I was amazed and the building going on in Auckland, the city is really expanding with multiple major high-rise construction projects in the works.  It is really changing the face of the city. 

Building in AucklandFor those who follow the blog or have been on the trip, we also changed our location this year. We are now at XBase which is located next to the Universities and for those in the know, much flatter around the Hostel and down to the harbor than the YHA. As hostels go, it is nice.  The model is different with both food service and a bar as part of the facilities along with the traditional kitchen and other services.  It also has larger general space than the YHA.  It is also much bigger. I see these things as different, not better or worse.  I suspect I will have a more informed opinion later. 

In 2006 when I made my first trip to New Zealand, I don’t think I saw a fast food place at all.  I was surprised at the number of franchises today: Starbucks, Wendy’s, Burger King, McDonald's, etc.  And the growth of hotel chains.  Fortunately, the international character of the city does not seem to be any less.  As we are in the University area, there is a broad change of small food shops available.

Eating in AucklandThe interesting observation occurred at a local food court.  Most of the menus were primarily in the language of the food type with secondary English labels.  The students went into overload and could not decide what to eat. Their choices ranged from Japanese, Turkish, Indian, Chinese (regular and Szechuan), Noddle shop, Vietnamese, and a bakery/coffee shop and the ones I can recall.  It was fun to watch them wander back and forth trying to decide what to eat.  Since Sushi was the first thought as we were deciding where to eat, it was not a surprise that most of the students ate food from the Japanese counter.  In case you were wondering, I ate from the Turkish counter and had the mixed grill.

The other surprises for students were the birds in the building.  Since the food court had an open entrance, birds could fly in and out.  No one seemed bothered by the situation. 

I was surprised at the number of apparent homeless around.  The difference is the panhandling was really low key.  The example I like is that I was having difficulty getting into the ATM machine (more on this later) and what appeared to be someone homeless stopped to help me.  Only later did he ask about something.  I was going in the other direction and I told him I would swing by on my way back.  When I did he was not there

Unlike in the states, the ATMs are normally not out on the street hanging off the side of the back building. Most banks have purpose build lobbies with multiple ATM machines.  You are required to swipe your card to unlock the doors.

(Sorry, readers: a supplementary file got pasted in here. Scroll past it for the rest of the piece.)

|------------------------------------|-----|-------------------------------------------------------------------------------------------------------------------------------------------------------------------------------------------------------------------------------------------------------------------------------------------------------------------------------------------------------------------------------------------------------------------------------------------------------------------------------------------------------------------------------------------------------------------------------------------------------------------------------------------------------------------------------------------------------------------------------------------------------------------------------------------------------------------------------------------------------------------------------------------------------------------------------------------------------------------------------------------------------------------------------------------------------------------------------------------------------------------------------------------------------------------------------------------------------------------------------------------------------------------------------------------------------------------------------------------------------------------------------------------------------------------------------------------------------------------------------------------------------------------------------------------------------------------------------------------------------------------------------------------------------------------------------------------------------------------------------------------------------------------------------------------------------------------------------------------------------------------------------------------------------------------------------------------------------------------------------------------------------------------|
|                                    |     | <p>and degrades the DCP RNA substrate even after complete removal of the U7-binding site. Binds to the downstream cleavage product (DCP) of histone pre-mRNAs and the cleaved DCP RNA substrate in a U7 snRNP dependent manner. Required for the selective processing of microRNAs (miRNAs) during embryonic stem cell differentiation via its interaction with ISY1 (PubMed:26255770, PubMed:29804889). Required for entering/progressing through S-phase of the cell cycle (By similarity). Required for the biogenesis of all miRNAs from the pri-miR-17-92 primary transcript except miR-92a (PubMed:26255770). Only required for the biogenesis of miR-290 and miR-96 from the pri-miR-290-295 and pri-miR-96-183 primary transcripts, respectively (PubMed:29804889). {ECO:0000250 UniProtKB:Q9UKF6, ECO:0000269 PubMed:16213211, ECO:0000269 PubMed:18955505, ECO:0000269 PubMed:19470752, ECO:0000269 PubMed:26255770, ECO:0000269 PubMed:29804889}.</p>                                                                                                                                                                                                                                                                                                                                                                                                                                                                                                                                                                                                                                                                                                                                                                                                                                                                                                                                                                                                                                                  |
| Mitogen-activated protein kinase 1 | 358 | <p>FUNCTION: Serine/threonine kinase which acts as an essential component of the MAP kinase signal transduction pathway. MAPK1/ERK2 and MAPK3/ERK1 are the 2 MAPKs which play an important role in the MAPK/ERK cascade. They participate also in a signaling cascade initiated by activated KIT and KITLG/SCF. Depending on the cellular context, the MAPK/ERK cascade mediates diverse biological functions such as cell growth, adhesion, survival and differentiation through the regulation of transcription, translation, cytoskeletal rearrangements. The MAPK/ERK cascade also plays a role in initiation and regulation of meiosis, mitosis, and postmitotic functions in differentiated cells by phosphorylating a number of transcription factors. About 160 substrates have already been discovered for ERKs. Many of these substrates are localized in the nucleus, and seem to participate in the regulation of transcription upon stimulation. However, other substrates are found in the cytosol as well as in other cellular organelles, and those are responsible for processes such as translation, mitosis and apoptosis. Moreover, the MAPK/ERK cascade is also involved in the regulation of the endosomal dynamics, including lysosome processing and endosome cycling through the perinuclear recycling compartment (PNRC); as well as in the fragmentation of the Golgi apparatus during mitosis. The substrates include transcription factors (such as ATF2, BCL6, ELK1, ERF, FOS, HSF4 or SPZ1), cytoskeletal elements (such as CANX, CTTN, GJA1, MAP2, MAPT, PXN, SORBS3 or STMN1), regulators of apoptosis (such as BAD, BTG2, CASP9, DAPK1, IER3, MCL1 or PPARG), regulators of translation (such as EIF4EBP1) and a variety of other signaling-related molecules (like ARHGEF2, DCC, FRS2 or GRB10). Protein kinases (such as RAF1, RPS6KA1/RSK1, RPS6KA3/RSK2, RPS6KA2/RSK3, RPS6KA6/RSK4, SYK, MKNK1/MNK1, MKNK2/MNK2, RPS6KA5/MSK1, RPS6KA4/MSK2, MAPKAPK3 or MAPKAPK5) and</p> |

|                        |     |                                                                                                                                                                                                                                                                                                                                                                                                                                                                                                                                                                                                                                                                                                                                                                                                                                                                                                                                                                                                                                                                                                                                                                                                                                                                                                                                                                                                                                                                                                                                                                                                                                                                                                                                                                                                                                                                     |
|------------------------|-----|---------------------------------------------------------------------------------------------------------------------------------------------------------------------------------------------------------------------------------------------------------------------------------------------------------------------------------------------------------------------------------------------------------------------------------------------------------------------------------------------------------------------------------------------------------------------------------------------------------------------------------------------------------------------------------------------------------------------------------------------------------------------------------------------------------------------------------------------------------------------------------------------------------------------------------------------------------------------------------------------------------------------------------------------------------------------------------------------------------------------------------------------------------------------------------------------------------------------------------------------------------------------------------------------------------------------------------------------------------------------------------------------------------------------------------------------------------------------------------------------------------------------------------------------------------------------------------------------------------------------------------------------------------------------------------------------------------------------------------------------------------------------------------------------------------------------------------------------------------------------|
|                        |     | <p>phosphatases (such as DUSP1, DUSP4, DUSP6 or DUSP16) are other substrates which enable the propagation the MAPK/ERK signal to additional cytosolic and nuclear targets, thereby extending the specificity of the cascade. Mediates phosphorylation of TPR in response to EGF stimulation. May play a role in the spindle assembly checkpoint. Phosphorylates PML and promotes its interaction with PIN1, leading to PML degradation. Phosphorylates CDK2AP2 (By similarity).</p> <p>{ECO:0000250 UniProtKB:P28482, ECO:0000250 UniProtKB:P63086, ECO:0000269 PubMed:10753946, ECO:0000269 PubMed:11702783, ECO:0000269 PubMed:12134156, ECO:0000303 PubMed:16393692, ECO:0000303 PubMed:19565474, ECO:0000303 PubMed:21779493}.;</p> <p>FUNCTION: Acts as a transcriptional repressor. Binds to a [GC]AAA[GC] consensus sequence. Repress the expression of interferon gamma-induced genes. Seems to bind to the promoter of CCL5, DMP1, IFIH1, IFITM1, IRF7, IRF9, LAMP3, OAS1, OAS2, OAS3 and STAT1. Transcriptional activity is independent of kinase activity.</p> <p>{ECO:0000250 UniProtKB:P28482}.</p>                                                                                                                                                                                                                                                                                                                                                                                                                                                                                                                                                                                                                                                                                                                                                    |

Our first-day strategy seemed to work again.  We got into Auckland about 6:15 am and got through immigration (automated – swipe passport, get the picture [face recognition] and go.  No stamps, no questions, no fuss – 5 minutes maximum. Customs for me was easy.  Handed in the form, answered the basic question, and I was allowed to go without getting luggage x-rayed.  Less than an hour to get into the country.  We were met by our driver (full-size bus for 12 people).  They completed the highway system so that it would take us directly into the city rather than the over the hill and dale in the past.  I will admit that I would prefer the old way as you got to see more of the suburbs. 

group photo in the rainAs usual, we put our luggage in storage for the day after getting cleaned up for the day.  I then walked with the students to the Auckland Museum. Fortunately, it was only some 1.5 miles.  Unfortunately, it was ¾ of the way uphill.  My endurance is not what it was.  So, it was an effort. And it rained. 

The students then spent time about 2 hours in the museum. Not sure how they do it.  I normally spend hours going through the exhibits.  But, as I questioned them, they seemed to have seen the important parts. For a couple of them, when I asked if they had seen X, they did not but then go off to see it. 

Met a localPerhaps the most interesting thing to observe was that several of the students met a local.  They were surprised at a number of things including an NZ$18 per hour minimum wage, that she had no interest in visiting the United States, she had a negative image of the united states, that she was young than the students and was out on her own living and going to school.   What the students did not know is that higher education is free to people in New Zealand that qualify.